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The Divine Comedy by Dante, Illustrated, Hell, Volume 04

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19 pages
THE VISION OF HELL, Part 4. By Dante Alighieri, Illustrated by Dore
The Project Gutenberg EBook of The Vision of Hell, Part 4, by Dante Alighieri This eBook is for the use of anyone anywhere at no cost and with almost no restrictions whatsoever. You may copy it, give it away or re-use it under the terms of the Project Gutenberg License included with this eBook or online at www.gutenberg.net Title: The Vision of Hell, Part 4 The Inferno Author: Dante Alighieri Release Date: August 7, 2004 [EBook #8782] Language: English Character set encoding: ISO-8859-1 *** START OF THIS PROJECT GUTENBERG EBOOK THE VISION OF HELL, PART 4 ***
Produced by David Widger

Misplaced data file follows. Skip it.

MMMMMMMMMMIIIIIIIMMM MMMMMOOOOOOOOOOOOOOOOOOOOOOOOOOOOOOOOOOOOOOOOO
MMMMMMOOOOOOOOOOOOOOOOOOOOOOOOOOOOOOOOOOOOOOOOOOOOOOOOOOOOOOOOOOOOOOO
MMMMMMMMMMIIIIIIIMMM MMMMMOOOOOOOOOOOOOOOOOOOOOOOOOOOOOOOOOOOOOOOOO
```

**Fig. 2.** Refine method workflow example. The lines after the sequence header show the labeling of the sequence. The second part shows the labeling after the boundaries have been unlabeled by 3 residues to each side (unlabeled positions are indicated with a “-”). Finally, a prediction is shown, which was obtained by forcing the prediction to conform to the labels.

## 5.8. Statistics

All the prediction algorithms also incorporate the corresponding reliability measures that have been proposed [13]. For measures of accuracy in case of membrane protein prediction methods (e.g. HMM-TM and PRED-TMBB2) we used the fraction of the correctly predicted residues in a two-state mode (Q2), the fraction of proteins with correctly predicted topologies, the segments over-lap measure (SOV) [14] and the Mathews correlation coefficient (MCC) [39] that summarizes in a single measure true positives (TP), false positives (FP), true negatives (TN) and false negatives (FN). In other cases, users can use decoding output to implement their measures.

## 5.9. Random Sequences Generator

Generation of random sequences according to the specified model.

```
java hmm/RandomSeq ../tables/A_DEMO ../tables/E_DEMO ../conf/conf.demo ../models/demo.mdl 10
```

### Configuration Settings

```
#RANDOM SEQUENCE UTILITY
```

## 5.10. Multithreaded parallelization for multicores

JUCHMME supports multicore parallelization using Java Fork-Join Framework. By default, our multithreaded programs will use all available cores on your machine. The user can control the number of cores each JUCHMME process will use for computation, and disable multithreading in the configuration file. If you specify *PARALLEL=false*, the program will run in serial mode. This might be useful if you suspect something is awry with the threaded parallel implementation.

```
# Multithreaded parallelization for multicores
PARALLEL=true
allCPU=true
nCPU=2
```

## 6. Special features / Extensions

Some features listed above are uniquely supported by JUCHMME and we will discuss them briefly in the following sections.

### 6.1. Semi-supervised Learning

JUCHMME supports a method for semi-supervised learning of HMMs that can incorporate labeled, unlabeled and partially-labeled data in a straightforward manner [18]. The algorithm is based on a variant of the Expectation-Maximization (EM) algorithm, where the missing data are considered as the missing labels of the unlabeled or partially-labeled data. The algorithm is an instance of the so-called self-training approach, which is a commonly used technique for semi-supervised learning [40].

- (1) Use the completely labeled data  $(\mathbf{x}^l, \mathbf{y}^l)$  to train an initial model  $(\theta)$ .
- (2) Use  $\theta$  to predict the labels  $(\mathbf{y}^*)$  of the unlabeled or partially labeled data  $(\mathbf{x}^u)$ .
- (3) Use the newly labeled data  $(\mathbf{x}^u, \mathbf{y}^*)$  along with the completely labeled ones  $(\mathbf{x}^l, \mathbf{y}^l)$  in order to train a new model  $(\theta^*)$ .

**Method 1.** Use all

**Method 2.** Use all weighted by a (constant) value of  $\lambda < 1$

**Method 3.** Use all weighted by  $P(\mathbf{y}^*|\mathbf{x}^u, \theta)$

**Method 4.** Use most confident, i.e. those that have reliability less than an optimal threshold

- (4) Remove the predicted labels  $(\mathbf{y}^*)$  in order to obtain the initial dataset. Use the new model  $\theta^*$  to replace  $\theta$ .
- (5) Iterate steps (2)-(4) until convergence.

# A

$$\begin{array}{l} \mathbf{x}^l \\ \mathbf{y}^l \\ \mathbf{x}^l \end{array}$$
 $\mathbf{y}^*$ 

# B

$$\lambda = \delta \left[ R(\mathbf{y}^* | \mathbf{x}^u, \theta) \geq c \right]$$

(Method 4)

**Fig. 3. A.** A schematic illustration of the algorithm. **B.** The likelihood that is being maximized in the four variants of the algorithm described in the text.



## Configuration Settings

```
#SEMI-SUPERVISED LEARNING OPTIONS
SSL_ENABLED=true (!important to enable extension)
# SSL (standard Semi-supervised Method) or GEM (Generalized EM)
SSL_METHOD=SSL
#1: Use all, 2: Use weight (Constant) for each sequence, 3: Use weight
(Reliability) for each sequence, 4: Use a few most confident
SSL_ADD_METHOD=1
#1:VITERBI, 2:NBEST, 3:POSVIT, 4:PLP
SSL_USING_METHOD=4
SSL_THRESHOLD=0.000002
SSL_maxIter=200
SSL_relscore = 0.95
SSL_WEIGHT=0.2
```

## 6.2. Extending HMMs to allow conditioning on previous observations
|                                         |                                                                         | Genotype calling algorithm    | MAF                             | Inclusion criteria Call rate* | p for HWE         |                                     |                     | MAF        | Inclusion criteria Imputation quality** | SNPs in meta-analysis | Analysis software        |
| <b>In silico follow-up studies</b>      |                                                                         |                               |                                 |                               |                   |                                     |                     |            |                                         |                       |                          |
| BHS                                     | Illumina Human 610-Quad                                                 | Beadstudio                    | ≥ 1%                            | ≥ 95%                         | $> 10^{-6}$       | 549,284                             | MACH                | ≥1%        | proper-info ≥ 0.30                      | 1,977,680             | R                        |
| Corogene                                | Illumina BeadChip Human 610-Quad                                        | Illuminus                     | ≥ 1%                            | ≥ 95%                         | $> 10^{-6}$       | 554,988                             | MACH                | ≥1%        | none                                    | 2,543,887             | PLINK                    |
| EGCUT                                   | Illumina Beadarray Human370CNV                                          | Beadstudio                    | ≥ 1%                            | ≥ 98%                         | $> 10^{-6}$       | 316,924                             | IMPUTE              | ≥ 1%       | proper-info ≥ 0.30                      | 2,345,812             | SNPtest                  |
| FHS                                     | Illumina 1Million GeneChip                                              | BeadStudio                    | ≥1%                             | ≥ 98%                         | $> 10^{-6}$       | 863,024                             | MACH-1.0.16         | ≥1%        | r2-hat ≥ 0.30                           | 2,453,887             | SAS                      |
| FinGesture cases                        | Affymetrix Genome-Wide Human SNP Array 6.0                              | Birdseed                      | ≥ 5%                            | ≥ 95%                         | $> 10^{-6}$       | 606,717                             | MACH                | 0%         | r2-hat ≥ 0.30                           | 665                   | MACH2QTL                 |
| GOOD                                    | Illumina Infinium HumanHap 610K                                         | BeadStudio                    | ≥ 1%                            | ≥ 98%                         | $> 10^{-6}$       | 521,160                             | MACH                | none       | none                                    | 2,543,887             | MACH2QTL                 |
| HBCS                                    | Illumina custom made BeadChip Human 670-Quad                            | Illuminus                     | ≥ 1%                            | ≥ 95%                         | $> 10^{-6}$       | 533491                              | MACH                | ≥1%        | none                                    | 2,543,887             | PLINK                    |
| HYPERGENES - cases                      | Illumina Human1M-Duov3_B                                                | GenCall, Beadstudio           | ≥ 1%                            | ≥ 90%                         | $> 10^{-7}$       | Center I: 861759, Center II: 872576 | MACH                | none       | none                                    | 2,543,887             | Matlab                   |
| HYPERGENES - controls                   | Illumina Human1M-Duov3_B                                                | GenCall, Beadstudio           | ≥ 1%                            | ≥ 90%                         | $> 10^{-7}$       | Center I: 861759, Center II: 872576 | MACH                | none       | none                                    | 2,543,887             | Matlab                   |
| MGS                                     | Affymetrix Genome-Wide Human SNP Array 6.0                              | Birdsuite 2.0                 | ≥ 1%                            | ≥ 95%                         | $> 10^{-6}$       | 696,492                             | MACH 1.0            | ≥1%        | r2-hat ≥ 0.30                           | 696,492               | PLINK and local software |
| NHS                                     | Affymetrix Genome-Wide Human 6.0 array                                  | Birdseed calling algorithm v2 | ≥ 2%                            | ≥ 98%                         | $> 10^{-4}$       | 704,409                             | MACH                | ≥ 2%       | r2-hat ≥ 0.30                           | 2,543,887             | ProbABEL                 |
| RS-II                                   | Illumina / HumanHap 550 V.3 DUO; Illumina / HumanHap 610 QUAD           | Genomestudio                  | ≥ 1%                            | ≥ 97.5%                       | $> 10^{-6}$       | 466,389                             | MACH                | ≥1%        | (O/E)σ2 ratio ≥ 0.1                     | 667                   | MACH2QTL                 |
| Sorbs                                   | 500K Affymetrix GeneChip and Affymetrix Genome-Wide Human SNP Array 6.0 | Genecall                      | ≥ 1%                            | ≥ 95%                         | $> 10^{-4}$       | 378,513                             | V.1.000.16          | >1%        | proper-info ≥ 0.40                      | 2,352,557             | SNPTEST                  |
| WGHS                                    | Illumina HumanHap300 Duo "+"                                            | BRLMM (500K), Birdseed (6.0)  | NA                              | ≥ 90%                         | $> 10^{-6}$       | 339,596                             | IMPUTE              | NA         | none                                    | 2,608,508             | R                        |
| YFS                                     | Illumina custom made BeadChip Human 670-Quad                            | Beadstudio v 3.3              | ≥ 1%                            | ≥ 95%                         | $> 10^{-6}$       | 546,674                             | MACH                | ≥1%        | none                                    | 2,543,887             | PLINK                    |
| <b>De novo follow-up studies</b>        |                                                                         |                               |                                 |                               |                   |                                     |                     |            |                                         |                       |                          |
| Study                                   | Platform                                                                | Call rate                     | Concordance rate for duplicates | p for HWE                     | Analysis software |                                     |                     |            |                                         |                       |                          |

THE VISION
OF
HELL, PURGATORY, AND PARADISE
BY
DANTE ALIGHIERI
TRANSLATED BY
THE REV. H. F. CARY, M.A.
HELL OR THE INFERNO
Part 4.
LIST OF CANTOS
Canto 7 Canto 8
CANTO VII
"AH me! O Satan! Satan!" loud exclaim'd Plutus, in accent hoarse of wild alarm: And the kind sage, whom no event surpris'd, To comfort me thus spake: "Let not thy fear Harm thee, for power in him, be sure, is none To hinder down this rock thy safe descent." Then to that sworn lip turning, "Peace!" he cried,
"Curs'd wolf! thy fury inward on thyself Prey, and consume thee! Through the dark profound Not without cause he passes. So 't is will'd On high, there where the great Archangel pour'd Heav'n's vengeance on the first adulterer proud." As sails full spread and bellying with the wind Drop suddenly collaps'd, if the mast split; So to the ...
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THE VISION OF HELL, Part 4. By Dante Alighieri, Illustrated by Dore
The Project Gutenberg EBook of The Vision of Hell, Part 4, by Dante Alighieri This eBook is for the use of anyone anywhere at no cost and with almost no restrictions whatsoever. You may copy it, give it away or re-use it under the terms of the Project Gutenberg License included with this eBook or online at www.gutenberg.net